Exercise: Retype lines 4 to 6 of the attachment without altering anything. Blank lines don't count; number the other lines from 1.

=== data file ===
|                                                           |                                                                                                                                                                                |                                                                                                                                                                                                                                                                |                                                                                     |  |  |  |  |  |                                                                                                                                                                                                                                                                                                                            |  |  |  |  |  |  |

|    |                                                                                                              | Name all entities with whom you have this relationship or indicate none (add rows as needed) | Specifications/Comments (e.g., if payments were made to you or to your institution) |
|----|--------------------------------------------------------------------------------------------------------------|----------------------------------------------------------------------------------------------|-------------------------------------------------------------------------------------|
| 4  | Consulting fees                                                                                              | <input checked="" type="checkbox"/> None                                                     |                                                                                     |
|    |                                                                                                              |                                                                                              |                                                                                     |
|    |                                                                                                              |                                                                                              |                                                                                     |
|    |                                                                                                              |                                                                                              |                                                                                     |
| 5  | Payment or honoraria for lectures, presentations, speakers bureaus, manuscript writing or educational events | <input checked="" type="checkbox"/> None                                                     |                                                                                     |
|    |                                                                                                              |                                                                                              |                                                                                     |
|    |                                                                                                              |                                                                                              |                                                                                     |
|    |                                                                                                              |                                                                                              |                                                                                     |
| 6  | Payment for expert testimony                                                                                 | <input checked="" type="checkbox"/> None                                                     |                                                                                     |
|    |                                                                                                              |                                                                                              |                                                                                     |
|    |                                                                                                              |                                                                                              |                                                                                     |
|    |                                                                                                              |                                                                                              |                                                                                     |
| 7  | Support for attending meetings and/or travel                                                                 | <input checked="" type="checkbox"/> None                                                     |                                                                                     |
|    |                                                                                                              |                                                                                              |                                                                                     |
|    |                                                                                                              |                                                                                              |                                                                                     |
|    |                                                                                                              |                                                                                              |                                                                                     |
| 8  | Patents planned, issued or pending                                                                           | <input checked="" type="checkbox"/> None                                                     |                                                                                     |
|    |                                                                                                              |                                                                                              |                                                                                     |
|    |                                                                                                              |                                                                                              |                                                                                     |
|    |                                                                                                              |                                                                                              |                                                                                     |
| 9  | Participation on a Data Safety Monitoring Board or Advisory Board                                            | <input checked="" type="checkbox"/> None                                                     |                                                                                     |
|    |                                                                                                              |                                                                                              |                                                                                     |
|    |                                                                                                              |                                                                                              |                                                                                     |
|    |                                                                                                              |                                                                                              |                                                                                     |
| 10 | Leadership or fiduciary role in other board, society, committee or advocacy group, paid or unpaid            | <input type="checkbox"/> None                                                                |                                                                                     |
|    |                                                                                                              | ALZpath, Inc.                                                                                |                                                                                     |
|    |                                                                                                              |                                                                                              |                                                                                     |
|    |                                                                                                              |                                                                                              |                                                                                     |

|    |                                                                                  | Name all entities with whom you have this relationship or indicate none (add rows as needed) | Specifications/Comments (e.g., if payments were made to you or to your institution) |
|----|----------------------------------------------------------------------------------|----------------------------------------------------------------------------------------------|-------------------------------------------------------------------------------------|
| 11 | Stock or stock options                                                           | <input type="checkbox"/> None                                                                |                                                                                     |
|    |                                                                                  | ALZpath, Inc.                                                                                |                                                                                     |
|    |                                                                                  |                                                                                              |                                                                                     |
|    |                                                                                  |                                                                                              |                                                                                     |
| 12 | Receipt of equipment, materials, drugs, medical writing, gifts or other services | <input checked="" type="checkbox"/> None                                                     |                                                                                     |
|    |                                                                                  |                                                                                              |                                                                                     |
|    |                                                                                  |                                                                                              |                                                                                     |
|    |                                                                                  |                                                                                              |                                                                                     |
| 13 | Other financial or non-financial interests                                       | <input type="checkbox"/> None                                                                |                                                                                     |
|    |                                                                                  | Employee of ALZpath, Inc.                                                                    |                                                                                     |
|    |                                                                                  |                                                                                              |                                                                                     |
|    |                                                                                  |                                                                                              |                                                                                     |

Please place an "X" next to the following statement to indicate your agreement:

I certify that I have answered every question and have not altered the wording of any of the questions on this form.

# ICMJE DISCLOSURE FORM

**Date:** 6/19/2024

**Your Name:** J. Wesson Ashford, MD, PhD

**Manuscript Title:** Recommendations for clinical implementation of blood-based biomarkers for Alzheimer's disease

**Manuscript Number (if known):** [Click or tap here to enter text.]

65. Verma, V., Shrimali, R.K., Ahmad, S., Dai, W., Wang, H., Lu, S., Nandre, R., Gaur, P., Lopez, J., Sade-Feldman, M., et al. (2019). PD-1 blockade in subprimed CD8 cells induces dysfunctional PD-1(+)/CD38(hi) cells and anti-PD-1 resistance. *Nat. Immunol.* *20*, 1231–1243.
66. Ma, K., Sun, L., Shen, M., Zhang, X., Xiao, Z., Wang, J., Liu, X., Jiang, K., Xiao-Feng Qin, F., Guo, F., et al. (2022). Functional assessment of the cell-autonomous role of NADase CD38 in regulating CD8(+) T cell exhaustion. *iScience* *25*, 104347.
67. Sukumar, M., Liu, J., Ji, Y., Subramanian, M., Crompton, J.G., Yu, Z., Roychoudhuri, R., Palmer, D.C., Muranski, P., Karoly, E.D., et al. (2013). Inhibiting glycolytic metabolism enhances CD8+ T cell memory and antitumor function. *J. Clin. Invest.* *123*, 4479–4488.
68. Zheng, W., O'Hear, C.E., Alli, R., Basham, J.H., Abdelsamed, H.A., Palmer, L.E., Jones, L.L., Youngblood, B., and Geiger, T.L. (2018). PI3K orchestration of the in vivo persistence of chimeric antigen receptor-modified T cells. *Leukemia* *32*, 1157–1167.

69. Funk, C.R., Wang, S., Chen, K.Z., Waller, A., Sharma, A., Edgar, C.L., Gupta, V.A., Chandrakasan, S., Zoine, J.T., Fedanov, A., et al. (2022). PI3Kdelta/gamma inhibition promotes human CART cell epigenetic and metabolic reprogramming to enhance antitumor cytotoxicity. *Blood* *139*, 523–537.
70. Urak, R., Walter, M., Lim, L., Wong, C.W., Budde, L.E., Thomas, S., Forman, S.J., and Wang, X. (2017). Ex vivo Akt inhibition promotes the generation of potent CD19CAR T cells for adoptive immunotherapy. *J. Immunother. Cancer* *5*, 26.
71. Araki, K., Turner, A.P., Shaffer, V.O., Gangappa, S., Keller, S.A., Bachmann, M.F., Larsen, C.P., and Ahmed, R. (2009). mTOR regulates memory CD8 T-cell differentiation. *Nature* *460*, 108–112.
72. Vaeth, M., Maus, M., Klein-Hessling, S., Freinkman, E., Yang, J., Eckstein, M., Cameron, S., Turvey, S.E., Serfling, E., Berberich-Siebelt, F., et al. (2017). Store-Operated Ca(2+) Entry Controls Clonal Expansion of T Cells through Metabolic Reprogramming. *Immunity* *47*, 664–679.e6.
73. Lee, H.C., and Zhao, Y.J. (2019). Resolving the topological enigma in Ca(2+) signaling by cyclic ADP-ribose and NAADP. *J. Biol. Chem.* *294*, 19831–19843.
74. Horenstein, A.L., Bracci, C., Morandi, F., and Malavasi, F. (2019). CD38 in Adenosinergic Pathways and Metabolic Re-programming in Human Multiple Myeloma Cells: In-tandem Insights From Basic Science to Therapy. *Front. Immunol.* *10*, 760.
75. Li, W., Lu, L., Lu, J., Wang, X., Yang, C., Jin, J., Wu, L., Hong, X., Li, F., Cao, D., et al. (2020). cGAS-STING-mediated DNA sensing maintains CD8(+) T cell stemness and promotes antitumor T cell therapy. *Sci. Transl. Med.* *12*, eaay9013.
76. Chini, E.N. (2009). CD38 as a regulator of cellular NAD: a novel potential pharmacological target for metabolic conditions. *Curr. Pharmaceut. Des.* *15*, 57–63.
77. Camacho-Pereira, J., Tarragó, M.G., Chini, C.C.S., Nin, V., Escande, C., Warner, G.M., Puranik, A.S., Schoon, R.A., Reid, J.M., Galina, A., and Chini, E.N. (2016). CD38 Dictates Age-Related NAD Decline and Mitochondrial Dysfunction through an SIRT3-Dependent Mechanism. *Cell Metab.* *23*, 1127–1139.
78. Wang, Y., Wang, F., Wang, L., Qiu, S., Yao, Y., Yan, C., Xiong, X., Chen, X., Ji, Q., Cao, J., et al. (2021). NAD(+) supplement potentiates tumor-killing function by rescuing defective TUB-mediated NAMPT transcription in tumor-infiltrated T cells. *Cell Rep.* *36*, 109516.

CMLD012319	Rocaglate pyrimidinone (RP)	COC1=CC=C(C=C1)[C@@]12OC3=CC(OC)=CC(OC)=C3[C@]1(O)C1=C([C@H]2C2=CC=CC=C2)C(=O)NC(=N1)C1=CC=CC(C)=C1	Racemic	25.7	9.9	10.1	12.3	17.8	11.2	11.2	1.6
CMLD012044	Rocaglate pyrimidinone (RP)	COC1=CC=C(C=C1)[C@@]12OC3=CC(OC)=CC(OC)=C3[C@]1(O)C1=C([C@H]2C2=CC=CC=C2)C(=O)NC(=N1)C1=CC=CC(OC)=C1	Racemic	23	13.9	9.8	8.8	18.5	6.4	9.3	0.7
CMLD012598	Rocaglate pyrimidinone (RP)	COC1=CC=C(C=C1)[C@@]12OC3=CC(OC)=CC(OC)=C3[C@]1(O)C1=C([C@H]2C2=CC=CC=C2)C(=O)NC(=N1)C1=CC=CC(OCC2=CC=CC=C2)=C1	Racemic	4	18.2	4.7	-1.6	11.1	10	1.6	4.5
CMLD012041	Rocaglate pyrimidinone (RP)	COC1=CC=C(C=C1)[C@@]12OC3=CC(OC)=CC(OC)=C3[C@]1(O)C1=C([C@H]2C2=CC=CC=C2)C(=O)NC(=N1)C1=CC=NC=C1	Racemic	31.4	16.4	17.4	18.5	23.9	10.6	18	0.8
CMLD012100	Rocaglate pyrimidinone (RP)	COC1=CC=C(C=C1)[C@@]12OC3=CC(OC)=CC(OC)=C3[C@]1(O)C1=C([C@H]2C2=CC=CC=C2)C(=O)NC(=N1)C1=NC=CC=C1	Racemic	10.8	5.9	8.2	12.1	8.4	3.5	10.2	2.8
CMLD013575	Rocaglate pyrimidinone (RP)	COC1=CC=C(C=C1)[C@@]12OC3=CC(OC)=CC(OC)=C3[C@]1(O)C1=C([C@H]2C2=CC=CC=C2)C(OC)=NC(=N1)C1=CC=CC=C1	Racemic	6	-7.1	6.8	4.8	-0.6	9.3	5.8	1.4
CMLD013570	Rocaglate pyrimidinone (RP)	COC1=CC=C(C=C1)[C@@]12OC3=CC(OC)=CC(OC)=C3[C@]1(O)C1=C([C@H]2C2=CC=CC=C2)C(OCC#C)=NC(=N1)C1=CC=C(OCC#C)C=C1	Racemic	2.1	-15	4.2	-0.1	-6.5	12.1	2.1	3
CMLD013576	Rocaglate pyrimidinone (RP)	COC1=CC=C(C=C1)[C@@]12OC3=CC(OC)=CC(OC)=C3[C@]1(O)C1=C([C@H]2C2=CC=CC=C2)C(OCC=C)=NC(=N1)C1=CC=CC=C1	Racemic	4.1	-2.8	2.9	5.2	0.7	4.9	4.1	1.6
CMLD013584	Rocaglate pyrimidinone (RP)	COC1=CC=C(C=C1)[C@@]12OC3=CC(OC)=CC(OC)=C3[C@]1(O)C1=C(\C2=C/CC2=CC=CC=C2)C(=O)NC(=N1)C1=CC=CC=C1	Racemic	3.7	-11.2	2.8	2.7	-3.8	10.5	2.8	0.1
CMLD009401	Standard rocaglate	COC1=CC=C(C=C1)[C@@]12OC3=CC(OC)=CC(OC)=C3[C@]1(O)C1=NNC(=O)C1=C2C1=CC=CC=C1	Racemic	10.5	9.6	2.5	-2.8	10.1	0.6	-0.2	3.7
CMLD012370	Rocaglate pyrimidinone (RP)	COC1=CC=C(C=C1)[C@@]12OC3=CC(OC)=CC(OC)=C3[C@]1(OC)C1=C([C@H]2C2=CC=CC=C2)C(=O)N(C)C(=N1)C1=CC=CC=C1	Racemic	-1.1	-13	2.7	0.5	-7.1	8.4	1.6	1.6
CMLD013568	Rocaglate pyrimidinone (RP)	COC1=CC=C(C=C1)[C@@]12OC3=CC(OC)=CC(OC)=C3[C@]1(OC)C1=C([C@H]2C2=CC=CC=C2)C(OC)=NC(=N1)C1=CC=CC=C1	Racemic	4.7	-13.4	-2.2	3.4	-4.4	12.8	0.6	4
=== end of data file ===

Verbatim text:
| 4  | Consulting fees                                                                                              | <input checked="" type="checkbox"/> None                                                     |                                                                                     |
|    |                                                                                                              |                                                                                              |                                                                                     |
|    |                                                                                                              |                                                                                              |                                                                                     |